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Philosopher Bob exercises every morning. He does steps up a flight of emergency stairs leading to the second floor egress door from the courtyard of his apartment high-rise. He first does single steps to the top, descends, runs up the flight, descends, then he takes the steps two at a time and comes down. Set done. He does ten of these for a good aerobic workout. But there’s a reason why he varies his routine in one set, other than for mere variety. Being such a deep thinker, especially when doing rote exercises, he tends to forget mundane things, like how many repetitions he’s done. In fact, he is so deep, he can’t remember past one. If he did the same single-step climbs twice in a row, he would actually lose track of how many he did! What a brilliant guy! But this problem also applies to how many sets he’s done. To help him keep track, when he finishes a set, he can place little white stones (all identical) on a knee-high brick wall surrounding a well landscaped garden near the steps, thus keeping count.

Question: What is the least number of stones Bob needs to put on the brick wall to keep count in a ten-set workout? Explain.

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Assuming that this is a standard brick wall with mortar between individual bricks, he could make do with one stone so long as there were at least 10 bricks. The bricks would be the actual counters, and the stone would mark which set he was on.

If, however, there were less than 10 bricks, he would need to start back at the beginning with two stones once he had done on more set than there were bricks. So he would need 2 stones if there were between 5 and 10 bricks.

Edit: I just realized that the length of the wall may not be provide a recognizable starting brick. In which case he would need one more stone to designate the starting brick. One stone on the starting brick, and the next stone moves to the right or left one brick for each set completed.

Edited by tamjap
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he could make marks with chalk on the wall to have ten spaces and keep moving the stone down each time he does a repitition

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4, using a binary style counting system?

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4, using a binary style counting system?

1,2,4, and 8 would all look very similar, as would 3 and 6. If he had black stones to work as zeros, it would work very

well. But using spaces as zeros would make it difficult to tell the difference between these numbers:

1 = 1

2 = 10

4 = 100

8 = 1000

3 = 11

6 = 110

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Philosopher Bob exercises every morning. He does steps up a flight of emergency stairs leading to the second floor egress door from the courtyard of his apartment high-rise. He first does single steps to the top, descends, runs up the flight, descends, then he takes the steps two at a time and comes down. Set done. He does ten of these for a good aerobic workout. But there’s a reason why he varies his routine in one set, other than for mere variety. Being such a deep thinker, especially when doing rote exercises, he tends to forget mundane things, like how many repetitions he’s done. In fact, he is so deep, he can’t remember past one. If he did the same single-step climbs twice in a row, he would actually lose track of how many he did! What a brilliant guy! But this problem also applies to how many sets he’s done. To help him keep track, when he finishes a set, he can place little white stones (all identical) on a knee-high brick wall surrounding a well landscaped garden near the steps, thus keeping count.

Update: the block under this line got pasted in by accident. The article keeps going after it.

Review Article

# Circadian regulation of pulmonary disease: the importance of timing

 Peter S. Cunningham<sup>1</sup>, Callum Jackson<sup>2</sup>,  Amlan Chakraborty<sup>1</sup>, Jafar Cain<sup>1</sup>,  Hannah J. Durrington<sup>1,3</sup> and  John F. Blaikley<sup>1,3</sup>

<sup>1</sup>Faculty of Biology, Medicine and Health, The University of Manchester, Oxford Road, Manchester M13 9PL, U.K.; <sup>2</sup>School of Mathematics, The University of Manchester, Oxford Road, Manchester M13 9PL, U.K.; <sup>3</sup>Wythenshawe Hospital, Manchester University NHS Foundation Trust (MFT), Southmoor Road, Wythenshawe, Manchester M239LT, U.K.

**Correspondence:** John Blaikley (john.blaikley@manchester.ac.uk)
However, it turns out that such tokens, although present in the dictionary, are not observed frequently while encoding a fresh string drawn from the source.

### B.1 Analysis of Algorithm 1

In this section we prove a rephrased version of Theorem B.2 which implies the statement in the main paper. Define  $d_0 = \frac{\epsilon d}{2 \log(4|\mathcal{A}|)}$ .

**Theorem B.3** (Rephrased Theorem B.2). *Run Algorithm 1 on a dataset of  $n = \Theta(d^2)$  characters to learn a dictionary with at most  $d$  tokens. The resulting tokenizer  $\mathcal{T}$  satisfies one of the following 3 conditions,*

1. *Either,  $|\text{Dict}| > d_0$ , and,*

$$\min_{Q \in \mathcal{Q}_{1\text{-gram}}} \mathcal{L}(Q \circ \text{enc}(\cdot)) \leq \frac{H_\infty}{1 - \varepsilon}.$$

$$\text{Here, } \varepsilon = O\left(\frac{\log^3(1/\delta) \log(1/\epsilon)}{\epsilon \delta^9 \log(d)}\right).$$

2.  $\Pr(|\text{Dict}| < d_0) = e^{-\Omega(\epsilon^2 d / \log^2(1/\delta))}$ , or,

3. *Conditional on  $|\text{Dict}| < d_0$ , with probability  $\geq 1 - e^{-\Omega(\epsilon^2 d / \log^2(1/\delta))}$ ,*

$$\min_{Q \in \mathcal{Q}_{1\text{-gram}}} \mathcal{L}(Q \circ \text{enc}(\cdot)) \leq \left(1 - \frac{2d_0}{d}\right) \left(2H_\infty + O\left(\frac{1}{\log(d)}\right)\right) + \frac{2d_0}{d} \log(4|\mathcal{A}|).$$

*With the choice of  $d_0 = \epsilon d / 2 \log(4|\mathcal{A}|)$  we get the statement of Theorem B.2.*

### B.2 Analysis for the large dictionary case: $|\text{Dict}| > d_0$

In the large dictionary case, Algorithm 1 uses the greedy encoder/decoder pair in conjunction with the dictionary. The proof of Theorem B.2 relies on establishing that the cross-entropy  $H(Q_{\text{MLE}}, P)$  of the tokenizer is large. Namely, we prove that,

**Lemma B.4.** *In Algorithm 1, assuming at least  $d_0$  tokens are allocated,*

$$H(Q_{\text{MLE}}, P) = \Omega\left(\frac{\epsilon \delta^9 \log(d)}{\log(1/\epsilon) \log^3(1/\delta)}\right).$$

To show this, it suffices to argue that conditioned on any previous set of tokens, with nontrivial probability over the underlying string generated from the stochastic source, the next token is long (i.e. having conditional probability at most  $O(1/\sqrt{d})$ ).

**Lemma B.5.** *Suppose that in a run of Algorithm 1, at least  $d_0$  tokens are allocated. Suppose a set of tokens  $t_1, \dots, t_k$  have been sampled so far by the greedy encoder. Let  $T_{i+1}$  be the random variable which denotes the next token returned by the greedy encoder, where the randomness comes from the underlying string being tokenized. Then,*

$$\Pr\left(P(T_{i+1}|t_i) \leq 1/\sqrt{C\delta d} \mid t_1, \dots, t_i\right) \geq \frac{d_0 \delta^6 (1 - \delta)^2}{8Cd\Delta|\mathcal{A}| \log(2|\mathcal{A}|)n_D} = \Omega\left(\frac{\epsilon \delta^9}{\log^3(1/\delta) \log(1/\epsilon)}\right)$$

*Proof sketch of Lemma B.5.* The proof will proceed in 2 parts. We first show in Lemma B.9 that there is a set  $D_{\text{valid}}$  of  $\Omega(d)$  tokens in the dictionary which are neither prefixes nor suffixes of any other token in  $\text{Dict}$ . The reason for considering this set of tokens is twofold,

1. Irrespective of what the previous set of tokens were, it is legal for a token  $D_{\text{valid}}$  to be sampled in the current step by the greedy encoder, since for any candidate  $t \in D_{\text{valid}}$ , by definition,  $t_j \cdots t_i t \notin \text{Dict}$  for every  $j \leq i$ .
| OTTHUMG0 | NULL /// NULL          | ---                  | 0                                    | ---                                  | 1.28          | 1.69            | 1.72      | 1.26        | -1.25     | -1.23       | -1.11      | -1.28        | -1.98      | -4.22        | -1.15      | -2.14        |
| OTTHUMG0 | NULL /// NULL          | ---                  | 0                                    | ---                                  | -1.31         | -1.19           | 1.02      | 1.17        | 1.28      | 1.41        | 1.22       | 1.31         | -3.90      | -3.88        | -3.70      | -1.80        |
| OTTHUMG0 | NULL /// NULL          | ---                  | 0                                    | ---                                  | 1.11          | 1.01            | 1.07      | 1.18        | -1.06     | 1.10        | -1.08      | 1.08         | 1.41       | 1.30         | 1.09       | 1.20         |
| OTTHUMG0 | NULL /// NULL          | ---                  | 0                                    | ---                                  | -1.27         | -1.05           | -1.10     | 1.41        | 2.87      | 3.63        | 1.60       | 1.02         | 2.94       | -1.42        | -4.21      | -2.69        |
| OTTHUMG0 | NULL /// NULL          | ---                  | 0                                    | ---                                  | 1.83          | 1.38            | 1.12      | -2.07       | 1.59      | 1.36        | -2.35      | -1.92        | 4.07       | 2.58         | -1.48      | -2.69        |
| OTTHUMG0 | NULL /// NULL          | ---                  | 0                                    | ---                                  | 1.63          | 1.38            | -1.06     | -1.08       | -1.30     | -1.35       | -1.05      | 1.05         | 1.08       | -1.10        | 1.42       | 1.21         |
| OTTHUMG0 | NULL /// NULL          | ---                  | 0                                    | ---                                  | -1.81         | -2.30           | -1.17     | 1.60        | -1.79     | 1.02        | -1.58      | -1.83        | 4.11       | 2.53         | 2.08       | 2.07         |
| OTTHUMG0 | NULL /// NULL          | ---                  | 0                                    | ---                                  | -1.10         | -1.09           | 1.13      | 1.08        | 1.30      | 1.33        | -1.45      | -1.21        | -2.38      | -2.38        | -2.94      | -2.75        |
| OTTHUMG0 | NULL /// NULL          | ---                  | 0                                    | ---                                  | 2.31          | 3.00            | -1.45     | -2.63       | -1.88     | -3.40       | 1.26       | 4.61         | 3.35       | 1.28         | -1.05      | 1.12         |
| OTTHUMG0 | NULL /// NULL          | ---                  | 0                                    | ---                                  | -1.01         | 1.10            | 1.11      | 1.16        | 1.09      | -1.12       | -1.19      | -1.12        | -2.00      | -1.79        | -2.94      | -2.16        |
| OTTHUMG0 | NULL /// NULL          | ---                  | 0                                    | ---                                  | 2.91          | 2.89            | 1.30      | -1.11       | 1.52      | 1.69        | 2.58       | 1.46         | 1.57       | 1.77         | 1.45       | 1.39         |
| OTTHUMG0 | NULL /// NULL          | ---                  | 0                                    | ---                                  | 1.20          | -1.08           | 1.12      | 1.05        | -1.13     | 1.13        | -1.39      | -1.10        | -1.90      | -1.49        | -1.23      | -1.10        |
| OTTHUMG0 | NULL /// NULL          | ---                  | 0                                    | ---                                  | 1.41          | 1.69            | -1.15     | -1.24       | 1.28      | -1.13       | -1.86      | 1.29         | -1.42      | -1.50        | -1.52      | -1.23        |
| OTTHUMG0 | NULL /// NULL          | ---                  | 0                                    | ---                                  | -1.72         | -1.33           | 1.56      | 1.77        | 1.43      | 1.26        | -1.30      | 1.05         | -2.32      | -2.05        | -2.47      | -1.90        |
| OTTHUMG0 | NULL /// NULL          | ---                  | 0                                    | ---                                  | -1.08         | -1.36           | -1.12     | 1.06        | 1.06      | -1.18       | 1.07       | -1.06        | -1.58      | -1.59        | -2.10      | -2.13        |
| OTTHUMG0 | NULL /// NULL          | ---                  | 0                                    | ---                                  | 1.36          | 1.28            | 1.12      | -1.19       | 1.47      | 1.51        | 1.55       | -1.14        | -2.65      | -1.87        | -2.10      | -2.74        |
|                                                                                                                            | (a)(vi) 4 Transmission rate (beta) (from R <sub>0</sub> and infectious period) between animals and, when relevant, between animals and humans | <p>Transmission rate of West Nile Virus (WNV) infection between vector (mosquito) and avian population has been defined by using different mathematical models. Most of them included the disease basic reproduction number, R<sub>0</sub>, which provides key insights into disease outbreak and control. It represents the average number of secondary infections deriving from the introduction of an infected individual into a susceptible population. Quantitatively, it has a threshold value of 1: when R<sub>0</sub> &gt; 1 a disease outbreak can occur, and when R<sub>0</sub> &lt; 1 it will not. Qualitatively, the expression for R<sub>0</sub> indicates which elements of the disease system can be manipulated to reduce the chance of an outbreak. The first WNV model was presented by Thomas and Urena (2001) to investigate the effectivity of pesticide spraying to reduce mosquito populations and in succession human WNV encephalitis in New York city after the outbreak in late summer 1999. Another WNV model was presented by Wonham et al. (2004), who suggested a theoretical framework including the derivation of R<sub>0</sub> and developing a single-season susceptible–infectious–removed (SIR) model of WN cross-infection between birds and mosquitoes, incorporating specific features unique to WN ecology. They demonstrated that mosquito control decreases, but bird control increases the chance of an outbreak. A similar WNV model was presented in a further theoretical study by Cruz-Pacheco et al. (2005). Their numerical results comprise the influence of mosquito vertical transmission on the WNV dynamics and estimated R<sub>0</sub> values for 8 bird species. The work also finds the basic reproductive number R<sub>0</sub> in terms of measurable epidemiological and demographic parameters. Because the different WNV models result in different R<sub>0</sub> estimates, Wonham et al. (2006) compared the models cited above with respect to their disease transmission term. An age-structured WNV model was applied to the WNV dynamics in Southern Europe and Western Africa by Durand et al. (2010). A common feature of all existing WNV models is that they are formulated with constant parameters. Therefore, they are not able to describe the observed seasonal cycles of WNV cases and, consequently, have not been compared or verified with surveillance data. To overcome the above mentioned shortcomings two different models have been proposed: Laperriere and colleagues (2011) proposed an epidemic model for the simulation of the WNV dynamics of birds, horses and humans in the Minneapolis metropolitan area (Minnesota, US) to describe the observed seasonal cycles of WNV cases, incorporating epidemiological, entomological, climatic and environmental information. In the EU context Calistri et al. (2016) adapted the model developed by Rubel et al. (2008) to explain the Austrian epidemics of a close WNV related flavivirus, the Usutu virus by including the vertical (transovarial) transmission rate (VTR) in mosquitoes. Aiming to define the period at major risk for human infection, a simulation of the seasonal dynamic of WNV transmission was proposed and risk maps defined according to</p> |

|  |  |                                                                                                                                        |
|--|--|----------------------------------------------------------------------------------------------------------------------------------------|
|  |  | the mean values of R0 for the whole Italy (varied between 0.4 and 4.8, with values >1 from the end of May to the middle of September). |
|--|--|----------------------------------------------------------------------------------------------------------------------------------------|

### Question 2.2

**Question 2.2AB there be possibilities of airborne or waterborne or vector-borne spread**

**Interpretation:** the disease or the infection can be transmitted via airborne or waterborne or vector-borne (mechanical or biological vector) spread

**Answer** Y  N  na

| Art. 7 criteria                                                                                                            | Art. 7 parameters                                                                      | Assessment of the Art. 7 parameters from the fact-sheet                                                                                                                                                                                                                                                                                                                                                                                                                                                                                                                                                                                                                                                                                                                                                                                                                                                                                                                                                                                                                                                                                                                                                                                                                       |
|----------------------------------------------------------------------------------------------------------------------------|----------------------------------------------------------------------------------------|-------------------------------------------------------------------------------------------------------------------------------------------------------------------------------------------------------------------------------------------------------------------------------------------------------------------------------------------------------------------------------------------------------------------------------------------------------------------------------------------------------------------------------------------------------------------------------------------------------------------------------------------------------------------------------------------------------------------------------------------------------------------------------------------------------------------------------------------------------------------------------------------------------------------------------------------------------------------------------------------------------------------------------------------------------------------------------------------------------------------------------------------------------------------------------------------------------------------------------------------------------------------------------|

Question: What is the least number of stones Bob needs to put on the brick wall to keep count in a ten-set workout? Explain.

He could draw a rectangle on a paper and divide it into 30 segments (with lines on the paper). He then needs only one stone to keep moving it forward as he goes along completing the sets. The stone should keep the paper from flying off too!

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Also assuming that the wall ledge is not wide enough to have a double row. You could use stone width spacing from the edge of the wall to implement your binary placeholders. Now, you only need to count to 5 as the runner can remember up to 2 sets. So given that, you need 3 stones (being able to count as high as 7 but only needing to go to 5).

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He should only need 5 stones, once the fifth one is placed on the wall, then he would remove one at a time until all are gone. Simple enough.

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One should be fine.

Just put the stone at certain locations on top of a given brick (not in the mortar, so as to be confused as to which brick is selected). I believe 12 positions (4x3) would be easily distinguishable. Start left to right on a front row of 4, then a center row of 4, and then a back row of 4 (not necessarily finished). The four positions in the row would be easily distinguishable by which side of center the brick it is on and how close it is to the center. Since Bob's a smart guy, I'm sure he could distinguish more, but these are fairly simple.

However, noting the exact phrasing of the question, I'd need to change my answer to none. He could just pile the stones up in front of the brick wall (or any other are without the white stones), which would mean he doesn't put any *on* the brick wall. He could even just put the stones in a pocket, etc.